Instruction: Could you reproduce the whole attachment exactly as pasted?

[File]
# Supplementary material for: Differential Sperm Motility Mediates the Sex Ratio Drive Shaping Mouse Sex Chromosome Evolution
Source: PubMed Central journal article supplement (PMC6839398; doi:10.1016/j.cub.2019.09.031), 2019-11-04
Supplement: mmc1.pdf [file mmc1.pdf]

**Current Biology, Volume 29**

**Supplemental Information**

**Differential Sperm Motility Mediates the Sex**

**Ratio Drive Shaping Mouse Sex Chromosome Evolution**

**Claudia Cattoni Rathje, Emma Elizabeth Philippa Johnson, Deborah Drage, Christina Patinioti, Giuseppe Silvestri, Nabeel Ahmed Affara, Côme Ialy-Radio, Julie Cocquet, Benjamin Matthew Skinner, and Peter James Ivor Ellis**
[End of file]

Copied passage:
# Supplementary material for: Differential Sperm Motility Mediates the Sex Ratio Drive Shaping Mouse Sex Chromosome Evolution
Source: PubMed Central journal article supplement (PMC6839398; doi:10.1016/j.cub.2019.09.031), 2019-11-04
Supplement: mmc1.pdf [file mmc1.pdf]

**Current Biology, Volume 29**

**Supplemental Information**

**Differential Sperm Motility Mediates the Sex**

**Ratio Drive Shaping Mouse Sex Chromosome Evolution**

**Claudia Cattoni Rathje, Emma Elizabeth Philippa Johnson, Deborah Drage, Christina Patinioti, Giuseppe Silvestri, Nabeel Ahmed Affara, Côme Ialy-Radio, Julie Cocquet, Benjamin Matthew Skinner, and Peter James Ivor Ellis**